There are perils to urban foraging. I think many of those dangers are helped by getting to know your neighbors and building relationships. Just beware when scoping out places to harvest that when you hop a fence you should be ready for anything. In these parts that can include shotguns and pit bulls. On the other hand, what would life be without some adventure.

Food in the Bible: Matthew 9:35-38

Matthew 9:35-38Then Jesus went about all the cities and villages, teaching in their synagogues, and proclaiming the good news of the kingdom, and curing every disease and every sickness. When he saw the crowds, he had compassion for them, because they were harassed and helpless, like sheep without a shepherd. Then he said to his disciples, “The harvest is plentiful, but the laborers are few; therefore ask the Lord of the harvest to send out laborers into his harvest.”

I would first like to step back from the baggage this passage has acquired. Usually it is interpreted in terms of evangelism. The “harvest” is the souls that Christians are going out to “win” or “save.” So, knowing that up front let’s see if that is actually what’s happening in the text. After the Sermon on the Mount (Mt 5-7) there are a lot of stories about healing with two interludes (8:18-27; 9:9-17). The above passage is the capstone of this whole narrative (Mt 8-9) before the story shifts towards Jerusalem and Jesus’ imminent death. There will be some healing and miracles in the second half of Matthew, but primarily it is parables and the passion account.

This whole section gets started with Jesus healing two outsiders, a leper and a Roman soldier. Jesus has some difficult words for his followers (8:18-21) and shows his command of nature (8:23-27). Again he turns to outsiders and heals the Gadarene demoniac (8:28-9:1). The healing of the paralytic is more about Jesus’ daring to claim the authority to forgive sins (9:2-8). Then he calls Matthew (the presumed author of this gospel) a tax collector, a despised profession. That calling concludes with “Go and learn what this means, ‘I desire mercy not sacrifice.’ For I have come to call not the righteous, but sinners” (9:13). Then there is the discussion of fasting and feasting we have talked about (9:14-17). Jesus heals a girl and a woman, both marginalized people, and two more before this concluding passage(9:18-34).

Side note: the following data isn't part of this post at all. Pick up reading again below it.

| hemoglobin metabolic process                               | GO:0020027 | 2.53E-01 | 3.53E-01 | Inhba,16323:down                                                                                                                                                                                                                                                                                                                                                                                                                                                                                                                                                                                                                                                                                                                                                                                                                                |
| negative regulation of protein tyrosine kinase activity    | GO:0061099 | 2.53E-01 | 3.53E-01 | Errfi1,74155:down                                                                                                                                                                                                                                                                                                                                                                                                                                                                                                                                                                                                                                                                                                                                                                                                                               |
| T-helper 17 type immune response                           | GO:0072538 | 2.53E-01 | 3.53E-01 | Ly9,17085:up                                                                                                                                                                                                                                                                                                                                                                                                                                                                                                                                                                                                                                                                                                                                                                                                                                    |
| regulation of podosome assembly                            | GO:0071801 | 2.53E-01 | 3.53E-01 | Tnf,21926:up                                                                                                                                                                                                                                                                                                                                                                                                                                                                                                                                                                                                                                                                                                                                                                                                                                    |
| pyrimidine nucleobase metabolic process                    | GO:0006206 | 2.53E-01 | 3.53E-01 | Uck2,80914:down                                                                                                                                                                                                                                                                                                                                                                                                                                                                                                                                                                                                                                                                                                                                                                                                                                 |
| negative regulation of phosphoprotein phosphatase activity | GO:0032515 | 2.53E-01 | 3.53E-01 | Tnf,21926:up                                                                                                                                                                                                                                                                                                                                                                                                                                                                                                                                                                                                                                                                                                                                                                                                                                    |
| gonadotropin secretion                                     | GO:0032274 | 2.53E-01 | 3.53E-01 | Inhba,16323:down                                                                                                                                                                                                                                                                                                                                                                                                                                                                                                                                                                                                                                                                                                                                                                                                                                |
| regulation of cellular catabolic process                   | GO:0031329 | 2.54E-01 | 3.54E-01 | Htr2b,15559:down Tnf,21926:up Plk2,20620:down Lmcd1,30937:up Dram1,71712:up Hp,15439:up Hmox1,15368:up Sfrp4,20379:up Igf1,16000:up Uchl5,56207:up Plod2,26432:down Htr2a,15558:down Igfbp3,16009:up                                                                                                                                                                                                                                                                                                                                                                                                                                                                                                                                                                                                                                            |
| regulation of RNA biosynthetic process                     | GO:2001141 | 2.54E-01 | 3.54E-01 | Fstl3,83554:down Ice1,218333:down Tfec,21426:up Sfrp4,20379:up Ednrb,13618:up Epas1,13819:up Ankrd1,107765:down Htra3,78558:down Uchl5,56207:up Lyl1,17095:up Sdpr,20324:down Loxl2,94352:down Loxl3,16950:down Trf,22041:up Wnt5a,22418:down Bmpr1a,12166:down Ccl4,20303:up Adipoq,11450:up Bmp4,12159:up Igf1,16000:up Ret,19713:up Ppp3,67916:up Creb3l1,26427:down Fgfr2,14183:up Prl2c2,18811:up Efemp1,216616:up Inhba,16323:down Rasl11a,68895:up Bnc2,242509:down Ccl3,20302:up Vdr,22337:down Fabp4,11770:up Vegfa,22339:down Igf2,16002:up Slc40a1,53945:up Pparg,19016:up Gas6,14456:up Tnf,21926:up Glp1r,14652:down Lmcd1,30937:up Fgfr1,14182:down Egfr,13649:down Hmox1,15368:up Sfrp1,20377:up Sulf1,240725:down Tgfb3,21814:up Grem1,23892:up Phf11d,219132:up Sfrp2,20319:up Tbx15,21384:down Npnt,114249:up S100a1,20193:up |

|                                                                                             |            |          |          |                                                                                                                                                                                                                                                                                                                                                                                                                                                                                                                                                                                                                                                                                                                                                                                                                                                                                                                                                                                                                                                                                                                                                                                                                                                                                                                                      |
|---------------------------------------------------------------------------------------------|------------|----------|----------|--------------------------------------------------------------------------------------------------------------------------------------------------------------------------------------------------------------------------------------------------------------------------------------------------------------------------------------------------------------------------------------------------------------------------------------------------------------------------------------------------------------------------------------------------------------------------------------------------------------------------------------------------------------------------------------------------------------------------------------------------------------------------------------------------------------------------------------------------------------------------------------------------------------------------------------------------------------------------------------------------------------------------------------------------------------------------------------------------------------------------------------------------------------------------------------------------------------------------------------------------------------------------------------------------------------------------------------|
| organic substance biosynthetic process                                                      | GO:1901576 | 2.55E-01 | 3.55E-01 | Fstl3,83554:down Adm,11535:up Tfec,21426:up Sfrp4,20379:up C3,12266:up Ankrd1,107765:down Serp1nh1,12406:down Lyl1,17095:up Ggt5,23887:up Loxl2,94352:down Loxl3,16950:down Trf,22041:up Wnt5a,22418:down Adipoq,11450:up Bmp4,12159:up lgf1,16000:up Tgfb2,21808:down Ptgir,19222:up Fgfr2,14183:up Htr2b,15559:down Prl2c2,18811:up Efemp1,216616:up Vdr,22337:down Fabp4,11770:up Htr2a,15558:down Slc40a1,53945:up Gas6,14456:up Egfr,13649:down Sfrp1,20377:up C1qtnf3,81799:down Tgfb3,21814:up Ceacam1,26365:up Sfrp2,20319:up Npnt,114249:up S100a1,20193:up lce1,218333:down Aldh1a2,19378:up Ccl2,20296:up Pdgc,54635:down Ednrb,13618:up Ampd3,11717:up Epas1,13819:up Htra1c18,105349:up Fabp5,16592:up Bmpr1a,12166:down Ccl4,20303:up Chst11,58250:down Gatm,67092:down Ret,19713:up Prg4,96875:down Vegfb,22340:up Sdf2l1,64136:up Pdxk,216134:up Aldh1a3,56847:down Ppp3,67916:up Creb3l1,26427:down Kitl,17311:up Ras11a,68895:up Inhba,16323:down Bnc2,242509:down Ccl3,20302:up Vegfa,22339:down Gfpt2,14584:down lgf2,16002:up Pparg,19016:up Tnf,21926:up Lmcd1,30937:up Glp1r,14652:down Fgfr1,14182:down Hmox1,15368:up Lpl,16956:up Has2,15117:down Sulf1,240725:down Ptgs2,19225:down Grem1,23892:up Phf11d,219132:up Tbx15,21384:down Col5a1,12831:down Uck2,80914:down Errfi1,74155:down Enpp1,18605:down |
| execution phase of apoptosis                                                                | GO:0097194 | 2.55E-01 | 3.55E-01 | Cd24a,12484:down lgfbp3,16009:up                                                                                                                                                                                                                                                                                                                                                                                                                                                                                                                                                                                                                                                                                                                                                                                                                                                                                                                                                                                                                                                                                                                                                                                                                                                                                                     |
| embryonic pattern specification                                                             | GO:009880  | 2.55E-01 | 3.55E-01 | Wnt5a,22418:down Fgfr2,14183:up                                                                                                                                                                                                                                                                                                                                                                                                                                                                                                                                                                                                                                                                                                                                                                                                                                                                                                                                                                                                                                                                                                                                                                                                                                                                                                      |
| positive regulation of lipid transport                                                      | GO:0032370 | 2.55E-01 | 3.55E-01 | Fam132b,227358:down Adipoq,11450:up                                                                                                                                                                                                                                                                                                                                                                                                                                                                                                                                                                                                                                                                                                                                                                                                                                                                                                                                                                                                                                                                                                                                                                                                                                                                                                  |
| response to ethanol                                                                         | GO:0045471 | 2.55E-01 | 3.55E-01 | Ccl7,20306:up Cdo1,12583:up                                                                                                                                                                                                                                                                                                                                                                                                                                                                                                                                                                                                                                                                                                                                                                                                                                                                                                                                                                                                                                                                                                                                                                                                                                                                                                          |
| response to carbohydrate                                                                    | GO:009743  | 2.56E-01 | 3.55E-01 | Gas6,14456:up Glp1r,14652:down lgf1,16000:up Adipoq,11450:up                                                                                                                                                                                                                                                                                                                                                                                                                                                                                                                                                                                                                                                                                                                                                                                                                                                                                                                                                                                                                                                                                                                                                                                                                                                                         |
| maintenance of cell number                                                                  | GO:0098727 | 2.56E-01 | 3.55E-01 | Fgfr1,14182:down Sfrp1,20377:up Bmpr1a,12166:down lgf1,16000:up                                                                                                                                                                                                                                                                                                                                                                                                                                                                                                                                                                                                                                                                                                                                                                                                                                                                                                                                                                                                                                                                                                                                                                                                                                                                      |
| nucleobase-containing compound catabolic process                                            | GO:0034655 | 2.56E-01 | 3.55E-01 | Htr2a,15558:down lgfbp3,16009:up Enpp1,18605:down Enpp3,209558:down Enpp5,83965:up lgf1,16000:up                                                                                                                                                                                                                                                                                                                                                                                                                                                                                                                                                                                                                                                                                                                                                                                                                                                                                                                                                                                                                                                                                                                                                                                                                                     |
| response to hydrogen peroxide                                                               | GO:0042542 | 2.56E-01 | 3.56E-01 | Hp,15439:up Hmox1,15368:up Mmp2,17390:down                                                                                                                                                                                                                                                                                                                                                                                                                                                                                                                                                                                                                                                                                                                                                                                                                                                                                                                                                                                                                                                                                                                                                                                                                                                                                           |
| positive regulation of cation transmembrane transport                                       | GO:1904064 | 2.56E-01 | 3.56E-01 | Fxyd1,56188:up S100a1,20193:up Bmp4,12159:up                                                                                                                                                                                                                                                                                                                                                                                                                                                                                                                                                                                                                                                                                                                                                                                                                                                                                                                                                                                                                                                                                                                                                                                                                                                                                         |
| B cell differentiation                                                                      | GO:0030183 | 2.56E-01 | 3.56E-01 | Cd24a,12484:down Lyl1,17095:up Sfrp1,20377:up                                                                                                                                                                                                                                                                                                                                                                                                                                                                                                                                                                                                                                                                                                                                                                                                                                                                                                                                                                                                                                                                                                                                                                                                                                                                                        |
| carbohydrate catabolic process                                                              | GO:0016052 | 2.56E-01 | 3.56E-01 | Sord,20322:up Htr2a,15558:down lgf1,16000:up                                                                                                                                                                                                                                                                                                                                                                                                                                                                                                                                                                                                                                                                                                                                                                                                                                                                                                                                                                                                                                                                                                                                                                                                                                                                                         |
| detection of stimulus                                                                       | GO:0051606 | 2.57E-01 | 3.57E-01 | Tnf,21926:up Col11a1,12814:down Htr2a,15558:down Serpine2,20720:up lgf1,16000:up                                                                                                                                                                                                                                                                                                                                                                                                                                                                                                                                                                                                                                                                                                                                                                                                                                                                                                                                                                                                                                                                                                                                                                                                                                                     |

So, what’s the point of all this healing? And what does it have to do with our passage about harvest and laborers?

Well verse 35 sums it up nicely. Jesus is “proclaiming the good news of the kingdom” and “curing every disease… and sickness.” In Greek the “and” does not necessarily denote two separate, isolated and distinct things. In fact, wherever Jesus goes it seems that the coming of the kingdom and healing of sickness and disease go hand in hand. They are bound up together in the in-breaking of God’s future perfection in Jesus. In the next verse Jesus has compassion, not because people are sick or diseased, but because they have no hope. Healing is a sign of the kingdom, but the kingdom itself is so much more. It is precisely following the summation of Jesus’ ministry (proclaiming the kingdom and healing the sick) and his sense of compassion for the hopeless crowd that Jesus proclaims a plentiful harvest.

Let’s remind ourselves that the terms “harvest” and “laborers” were not abstract spiritual concept to these original hearers. Harvest means life or death and most of life is labor and toil for subsistence farmers. Certainly Jesus is using the terms on more than one level, but we shouldn’t toss out the literal physical meaning of what he says for the spiritual. Perhaps they are meant to be taken together to say something like, “You know only subsistence, but when God reigns there will be more than enough. The problem is there aren’t enough people willing to bring in this kingdom harvest. Pray to the God of abundance for all to send laborers into the harvest of his kingdom which includes both physical and spiritual redemption and reconciliation.”

It has also been pointed out that in the narrative Jesus tells only his disciples this line about the harvest and then immediately in chapter 10 sends them out. Apparently they were the answer to their own prayers.

Honey Harvest

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Enough said really. We should end up with 20+ gallons of delicious local nectar of the gods. It was really cool and the flying insects didn’t bother me as much as I thought they would.